The excellent Impress PC Watch magazine summarise the digital photography offerings at CeBIT 2000, these include the cut down Olympus C-3000Z, Casio had the QV-3000EX/Ir a model which supports IrDA data transfer and a Bluetooth prototype based on the QV-3000EX which would allow transfer of images wirelessly over short distances. Fuji also cooperated with Nokia to demonstrate an S1 Pro with a Nokia Bluetooth wireless CF card.
Here's a basic translation of the report by Yamada:
Olympus show a low cost version of the 3.34 megapixel C-3030Z named the C-3000Z. A reduced functionality and buffer capacity (down to 32MB) bring it in line to compete with the lower price 3.34 megapixel offerings from Canon and Casio.
Phil: I agree with Yamada's later comment that this product is only likely to produce confusion in the market with its indistinctive look.
Casio showed their recently announced XV-3 plus a new model named the QV-3000EX/Ir a European specification digital camera which features IrDA data transfer (first seen on Kodak's DC26x's). They also showed a prototype digicam based on the QV-3000EX which features built-in Bluetooth wireless communication.
Phil: For those not familiar with Bluetooth read up here. This would allow fast transfer of images directly from the camera to other devices within range (10m) without having to connect any wires or remove the storage card (imagine that with a 340MB MicroDrive inside...)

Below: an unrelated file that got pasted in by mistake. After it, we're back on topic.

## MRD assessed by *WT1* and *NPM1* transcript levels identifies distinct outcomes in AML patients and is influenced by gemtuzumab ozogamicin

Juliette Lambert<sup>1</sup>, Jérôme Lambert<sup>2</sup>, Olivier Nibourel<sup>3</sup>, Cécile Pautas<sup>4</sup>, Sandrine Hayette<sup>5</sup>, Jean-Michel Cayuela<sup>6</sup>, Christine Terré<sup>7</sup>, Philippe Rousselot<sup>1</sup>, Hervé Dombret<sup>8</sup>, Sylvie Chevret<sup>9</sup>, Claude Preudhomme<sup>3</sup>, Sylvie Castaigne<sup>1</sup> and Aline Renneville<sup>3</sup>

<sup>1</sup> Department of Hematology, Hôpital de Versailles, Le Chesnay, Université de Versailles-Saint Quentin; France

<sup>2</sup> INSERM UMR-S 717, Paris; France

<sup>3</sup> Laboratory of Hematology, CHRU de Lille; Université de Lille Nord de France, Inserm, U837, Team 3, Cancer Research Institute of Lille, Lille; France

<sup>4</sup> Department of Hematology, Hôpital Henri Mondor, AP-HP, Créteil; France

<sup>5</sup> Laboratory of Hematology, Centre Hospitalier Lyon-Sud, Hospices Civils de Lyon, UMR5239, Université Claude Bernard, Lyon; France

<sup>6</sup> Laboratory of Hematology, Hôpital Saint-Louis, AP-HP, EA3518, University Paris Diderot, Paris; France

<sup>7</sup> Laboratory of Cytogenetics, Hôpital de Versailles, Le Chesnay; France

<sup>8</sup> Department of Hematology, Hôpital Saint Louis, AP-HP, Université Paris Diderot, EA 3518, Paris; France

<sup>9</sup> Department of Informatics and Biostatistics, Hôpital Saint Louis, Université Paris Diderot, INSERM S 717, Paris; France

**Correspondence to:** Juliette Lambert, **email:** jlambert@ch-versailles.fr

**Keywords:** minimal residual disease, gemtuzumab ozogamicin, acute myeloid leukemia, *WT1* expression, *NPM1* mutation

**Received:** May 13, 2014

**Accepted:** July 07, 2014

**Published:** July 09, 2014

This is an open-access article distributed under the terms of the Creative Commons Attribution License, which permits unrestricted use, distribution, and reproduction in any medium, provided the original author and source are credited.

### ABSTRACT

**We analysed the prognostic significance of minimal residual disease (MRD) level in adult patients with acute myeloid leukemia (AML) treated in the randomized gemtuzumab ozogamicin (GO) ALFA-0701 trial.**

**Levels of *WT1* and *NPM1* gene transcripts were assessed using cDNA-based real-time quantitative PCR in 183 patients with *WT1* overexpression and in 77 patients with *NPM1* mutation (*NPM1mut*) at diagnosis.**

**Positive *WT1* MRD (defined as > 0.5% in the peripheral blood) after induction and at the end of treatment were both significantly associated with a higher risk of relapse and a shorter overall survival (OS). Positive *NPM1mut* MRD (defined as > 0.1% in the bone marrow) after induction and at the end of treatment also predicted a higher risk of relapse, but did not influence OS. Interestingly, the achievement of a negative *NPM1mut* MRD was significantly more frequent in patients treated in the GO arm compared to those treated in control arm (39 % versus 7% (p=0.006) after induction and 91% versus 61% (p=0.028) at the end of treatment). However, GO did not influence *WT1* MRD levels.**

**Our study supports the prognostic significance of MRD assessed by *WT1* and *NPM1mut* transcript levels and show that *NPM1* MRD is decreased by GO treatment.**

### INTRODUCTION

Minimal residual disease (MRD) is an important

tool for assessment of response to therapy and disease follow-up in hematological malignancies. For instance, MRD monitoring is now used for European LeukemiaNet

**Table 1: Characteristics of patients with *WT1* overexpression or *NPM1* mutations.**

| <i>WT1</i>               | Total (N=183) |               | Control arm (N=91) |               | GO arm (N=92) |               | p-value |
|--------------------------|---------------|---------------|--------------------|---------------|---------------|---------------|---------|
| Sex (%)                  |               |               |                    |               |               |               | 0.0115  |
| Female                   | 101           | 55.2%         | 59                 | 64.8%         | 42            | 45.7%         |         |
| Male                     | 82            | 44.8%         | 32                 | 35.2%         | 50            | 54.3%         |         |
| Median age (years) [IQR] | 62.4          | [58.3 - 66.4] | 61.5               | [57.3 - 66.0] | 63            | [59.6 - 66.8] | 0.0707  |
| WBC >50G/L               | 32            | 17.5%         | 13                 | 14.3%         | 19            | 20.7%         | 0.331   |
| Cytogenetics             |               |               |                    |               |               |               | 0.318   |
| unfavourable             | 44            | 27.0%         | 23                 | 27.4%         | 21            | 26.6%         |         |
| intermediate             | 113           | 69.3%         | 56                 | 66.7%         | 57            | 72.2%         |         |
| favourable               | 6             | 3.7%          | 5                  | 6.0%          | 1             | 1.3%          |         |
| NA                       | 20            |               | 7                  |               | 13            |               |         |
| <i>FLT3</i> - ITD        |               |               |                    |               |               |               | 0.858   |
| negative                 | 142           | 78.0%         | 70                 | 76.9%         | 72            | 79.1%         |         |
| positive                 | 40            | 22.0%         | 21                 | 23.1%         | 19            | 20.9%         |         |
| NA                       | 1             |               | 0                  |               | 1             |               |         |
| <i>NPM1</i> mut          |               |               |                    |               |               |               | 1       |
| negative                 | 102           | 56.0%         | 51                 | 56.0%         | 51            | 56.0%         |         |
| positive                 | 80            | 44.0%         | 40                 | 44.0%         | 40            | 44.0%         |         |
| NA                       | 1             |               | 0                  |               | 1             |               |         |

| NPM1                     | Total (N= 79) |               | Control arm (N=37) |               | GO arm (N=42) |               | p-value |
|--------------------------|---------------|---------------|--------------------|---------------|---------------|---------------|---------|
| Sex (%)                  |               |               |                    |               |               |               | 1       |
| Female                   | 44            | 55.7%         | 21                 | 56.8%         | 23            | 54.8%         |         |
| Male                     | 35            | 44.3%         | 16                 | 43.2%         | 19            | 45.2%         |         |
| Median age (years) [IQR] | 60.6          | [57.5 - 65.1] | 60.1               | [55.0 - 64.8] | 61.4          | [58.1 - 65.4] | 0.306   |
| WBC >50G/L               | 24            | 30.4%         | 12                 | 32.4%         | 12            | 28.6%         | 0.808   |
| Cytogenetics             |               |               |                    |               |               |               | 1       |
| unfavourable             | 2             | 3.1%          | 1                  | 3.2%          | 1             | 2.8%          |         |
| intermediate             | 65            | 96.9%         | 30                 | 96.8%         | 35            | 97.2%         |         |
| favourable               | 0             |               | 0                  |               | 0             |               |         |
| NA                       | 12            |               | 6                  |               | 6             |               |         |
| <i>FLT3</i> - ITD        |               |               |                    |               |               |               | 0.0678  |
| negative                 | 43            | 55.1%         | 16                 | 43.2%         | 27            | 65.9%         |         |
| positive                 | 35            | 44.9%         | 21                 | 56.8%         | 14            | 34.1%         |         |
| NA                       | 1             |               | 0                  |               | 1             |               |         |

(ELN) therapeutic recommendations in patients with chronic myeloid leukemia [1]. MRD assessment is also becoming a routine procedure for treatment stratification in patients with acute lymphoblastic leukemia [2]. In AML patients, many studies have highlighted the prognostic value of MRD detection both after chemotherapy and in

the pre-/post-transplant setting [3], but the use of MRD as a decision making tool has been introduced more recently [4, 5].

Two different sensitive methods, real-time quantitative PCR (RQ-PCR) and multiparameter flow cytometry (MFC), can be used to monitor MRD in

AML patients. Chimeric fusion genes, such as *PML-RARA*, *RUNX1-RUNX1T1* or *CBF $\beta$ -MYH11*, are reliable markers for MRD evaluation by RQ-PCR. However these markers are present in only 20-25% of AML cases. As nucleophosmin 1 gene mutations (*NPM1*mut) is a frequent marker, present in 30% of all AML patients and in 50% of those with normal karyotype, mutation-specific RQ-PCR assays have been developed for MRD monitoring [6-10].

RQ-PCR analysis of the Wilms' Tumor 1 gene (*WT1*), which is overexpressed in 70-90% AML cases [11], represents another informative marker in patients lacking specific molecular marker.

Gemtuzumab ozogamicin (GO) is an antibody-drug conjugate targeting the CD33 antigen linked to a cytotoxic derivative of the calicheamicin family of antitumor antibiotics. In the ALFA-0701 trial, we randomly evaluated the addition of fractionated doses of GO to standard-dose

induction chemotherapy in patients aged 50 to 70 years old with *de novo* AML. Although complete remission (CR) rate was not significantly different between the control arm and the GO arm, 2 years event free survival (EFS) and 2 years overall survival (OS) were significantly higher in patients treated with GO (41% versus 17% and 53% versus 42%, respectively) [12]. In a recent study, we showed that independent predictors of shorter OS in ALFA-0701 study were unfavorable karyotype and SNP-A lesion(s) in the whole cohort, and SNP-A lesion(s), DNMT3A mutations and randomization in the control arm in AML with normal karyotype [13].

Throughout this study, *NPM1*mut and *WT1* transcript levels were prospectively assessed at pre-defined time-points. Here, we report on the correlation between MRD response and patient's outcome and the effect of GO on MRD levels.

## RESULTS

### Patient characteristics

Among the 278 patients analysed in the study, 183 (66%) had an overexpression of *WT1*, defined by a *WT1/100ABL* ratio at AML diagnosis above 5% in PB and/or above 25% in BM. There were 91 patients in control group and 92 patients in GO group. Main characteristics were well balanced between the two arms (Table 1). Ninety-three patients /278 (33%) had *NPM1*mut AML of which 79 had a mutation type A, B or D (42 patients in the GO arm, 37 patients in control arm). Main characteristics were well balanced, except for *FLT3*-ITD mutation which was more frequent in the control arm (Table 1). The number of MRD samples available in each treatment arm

FujiFilm demonstrated a S1 Pro with a Nokia Bluetooth wireless communication CF Type2 card transferring images to a Nokia mobile phone (PDA phone). Noteably the demonstration of the S1 Pro and FinePix 4700Z was very popular.
Sharp exhibited the MPEG-4 1.3 megapixel
Internet "ViewCam". Kodak and Palm showed The PalmPix unit (reported
in a previous article) which connects to the based of a Palm and takes
640x480 colour images which are stored in the Palm's RAM. Ericsson also
showed a "clip-on" digital camera for their mobile phones which
would allow 640x480 images, interestingly this time images are stored
on a MMC card, the image can be reviewed on the black & white LCD
of the phone.
Phil: Interesting to see Europe, influenced by the strong presence of Ericsson and Nokia are pushing hard to embed Bluetooth (and similar) wireless technology into digital cameras. Imagine being able to bring your digital camera home, place it on a desk and transfer images from it immediately without having to hook the camera up or remove memory card, or even better browse the list of images taken on your mobile phone and transmit them immediately back to the office...
All images courtesy PC Watch, original text courtesy PC Watch
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